In addition to the world-famous terra cotta warriors, another excavation site of a famous Chinese emperor can be found in Xian. Emperor Jingdi reigned from 11-141 BC and unlike other emperors, he had a very passive approach to ruling. As a staunch follower of Confucianism, he was a capable leader and tried to improve the lives of his subjects by reducing taxes and avoiding diplomatic conflicts. Accordingly, his reign is considered a golden era for the people and the imperial family and was only once marred by a successfully averted rebellion.
In the typical hierarchical fashion of ancient China, the Tomb of Emperor Jingdi itself can be found at the very center of the complex, while various smaller burial pits and tombs are scattered around it. Visitors can see the over 40,000 excavated clay figures of animals, warriors and officials – mostly miniature forms of their real-life counterparts – and other artifacts in the various pits in the subterranean Hanyangling Museum by donning blue shoe covers and carefully walking on a glass floor over the ongoing excavation site. While some might consider the life-sized terracotta warriors more impressive, this miniature version allows a closer look at the small sculptures. Although their dress made of cloth and wood has long ago decayed and the figurines are now naked, they, together with various prepared information such as a 3D film offer a detailed insight into the social structure and life at the time of the Han Dynasty.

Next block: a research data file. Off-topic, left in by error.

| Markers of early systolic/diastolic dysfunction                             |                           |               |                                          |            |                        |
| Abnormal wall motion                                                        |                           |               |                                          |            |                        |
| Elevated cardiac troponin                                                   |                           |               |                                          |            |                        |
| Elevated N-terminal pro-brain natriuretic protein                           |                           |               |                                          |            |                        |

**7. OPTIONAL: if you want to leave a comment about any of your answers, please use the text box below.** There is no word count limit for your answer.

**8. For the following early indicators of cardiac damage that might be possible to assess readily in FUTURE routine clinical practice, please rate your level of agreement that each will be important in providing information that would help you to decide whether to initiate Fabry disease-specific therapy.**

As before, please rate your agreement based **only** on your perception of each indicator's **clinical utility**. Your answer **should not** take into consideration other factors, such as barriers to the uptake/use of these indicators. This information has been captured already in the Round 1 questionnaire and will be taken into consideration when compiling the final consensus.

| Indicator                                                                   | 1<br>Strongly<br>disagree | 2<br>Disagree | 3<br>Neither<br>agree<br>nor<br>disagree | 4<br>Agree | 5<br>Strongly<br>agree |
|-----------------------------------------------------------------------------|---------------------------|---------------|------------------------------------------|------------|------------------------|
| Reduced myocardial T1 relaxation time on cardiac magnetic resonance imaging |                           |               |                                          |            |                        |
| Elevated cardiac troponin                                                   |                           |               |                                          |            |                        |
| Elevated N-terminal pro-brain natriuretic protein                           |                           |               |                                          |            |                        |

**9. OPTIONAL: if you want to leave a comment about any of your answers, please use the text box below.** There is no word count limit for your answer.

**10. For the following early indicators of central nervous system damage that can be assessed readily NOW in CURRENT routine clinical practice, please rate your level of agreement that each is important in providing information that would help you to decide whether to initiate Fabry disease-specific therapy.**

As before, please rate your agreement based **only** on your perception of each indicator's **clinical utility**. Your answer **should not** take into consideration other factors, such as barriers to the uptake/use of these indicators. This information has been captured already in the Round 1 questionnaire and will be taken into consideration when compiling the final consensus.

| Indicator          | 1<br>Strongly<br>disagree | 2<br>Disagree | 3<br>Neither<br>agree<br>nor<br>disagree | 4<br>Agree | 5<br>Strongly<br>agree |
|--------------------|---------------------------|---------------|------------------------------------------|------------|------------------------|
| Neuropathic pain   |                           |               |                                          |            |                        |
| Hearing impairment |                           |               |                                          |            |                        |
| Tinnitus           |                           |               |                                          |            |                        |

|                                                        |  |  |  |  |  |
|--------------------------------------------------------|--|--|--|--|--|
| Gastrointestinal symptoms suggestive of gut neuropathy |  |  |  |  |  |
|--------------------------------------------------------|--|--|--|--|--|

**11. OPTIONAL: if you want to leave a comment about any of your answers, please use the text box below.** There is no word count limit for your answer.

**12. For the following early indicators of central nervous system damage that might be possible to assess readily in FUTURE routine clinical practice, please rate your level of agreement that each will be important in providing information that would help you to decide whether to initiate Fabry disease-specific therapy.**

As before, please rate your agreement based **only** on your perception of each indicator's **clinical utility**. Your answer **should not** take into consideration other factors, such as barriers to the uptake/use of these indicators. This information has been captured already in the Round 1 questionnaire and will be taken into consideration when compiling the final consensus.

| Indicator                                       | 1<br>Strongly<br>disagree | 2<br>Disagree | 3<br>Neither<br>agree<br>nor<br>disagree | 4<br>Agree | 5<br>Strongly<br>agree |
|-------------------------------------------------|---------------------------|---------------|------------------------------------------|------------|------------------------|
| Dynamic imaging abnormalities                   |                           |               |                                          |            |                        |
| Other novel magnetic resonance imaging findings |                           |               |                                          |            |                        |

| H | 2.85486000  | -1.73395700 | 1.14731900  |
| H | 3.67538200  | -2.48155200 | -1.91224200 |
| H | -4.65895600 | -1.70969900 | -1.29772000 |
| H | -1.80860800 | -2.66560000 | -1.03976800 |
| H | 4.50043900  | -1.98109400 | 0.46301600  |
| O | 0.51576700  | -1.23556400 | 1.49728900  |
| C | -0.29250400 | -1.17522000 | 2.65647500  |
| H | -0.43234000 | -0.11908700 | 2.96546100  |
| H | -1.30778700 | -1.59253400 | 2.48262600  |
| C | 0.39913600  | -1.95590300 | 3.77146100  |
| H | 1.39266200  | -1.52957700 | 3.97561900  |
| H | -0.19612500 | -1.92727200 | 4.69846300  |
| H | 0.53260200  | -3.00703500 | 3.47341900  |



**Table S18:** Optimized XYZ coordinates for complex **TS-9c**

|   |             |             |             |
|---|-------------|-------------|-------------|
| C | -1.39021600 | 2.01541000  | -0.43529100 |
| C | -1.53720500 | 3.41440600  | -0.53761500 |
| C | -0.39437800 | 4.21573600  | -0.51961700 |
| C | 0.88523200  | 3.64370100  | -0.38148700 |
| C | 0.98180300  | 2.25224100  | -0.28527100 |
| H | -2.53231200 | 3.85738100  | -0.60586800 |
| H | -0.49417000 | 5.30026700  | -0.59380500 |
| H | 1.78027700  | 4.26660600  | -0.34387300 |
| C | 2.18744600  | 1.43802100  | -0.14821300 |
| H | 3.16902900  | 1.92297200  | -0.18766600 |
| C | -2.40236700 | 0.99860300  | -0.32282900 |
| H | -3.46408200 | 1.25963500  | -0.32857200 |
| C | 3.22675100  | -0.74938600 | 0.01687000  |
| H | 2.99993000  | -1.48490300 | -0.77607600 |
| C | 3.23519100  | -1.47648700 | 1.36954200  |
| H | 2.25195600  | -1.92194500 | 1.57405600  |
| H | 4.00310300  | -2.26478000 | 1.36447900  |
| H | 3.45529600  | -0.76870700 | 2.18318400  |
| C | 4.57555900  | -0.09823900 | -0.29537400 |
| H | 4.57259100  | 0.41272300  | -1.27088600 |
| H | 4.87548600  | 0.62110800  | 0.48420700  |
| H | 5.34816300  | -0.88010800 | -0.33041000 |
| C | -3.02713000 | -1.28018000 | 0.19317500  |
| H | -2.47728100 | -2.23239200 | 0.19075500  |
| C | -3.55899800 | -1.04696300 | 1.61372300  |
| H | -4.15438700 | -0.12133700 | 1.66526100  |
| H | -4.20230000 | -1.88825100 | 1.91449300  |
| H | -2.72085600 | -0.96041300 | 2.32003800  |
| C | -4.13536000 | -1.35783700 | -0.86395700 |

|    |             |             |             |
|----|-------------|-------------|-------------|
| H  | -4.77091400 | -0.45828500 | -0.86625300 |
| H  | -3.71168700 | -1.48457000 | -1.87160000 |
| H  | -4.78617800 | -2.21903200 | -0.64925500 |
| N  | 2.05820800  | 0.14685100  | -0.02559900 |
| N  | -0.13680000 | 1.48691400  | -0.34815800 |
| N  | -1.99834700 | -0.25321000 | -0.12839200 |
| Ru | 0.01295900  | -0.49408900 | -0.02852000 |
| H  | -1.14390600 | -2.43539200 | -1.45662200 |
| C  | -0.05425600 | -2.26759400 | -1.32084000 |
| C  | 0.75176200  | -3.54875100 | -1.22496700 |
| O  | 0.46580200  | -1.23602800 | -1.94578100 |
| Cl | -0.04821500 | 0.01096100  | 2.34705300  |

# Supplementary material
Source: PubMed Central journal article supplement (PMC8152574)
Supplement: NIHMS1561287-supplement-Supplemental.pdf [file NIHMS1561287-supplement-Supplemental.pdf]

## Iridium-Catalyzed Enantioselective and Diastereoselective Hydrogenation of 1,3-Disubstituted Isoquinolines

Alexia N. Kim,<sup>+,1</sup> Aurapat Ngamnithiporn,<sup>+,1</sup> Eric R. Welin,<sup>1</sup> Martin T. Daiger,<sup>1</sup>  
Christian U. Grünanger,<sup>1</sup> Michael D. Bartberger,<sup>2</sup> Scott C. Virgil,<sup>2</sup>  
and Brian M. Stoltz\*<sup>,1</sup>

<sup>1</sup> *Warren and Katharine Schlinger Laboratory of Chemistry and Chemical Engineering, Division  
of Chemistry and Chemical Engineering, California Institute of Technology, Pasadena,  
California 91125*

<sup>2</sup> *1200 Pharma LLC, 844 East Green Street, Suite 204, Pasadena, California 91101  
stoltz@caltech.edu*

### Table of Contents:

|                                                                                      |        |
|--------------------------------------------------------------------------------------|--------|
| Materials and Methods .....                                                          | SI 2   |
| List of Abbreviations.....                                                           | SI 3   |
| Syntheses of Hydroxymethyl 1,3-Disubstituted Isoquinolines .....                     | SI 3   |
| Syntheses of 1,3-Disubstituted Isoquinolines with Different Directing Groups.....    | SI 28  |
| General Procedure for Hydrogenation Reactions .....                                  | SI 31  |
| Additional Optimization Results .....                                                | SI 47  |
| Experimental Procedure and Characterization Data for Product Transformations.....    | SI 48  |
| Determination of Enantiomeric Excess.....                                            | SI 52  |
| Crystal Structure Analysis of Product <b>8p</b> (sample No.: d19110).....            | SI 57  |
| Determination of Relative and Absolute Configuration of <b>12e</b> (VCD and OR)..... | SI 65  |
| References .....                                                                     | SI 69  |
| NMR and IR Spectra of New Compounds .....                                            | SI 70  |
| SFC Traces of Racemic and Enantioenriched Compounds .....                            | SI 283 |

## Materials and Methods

From the beginning of March to the end of November, the museum is open from 8:30 a.m. to 7 p.m., while during the rest of the year the site closes an hour earlier at 6 p.m. The Tomb of Emperor Jingdi is located about 20 kilometers north of Xian in Zhangjiawan Village. You can get there by taking the bus number 50, 207, 228, 230, 328 or K616 to Xian City Sports Park and then hopping on the Tourist Bus number 4 the rest of the way to the stop Yangling Mausoleum.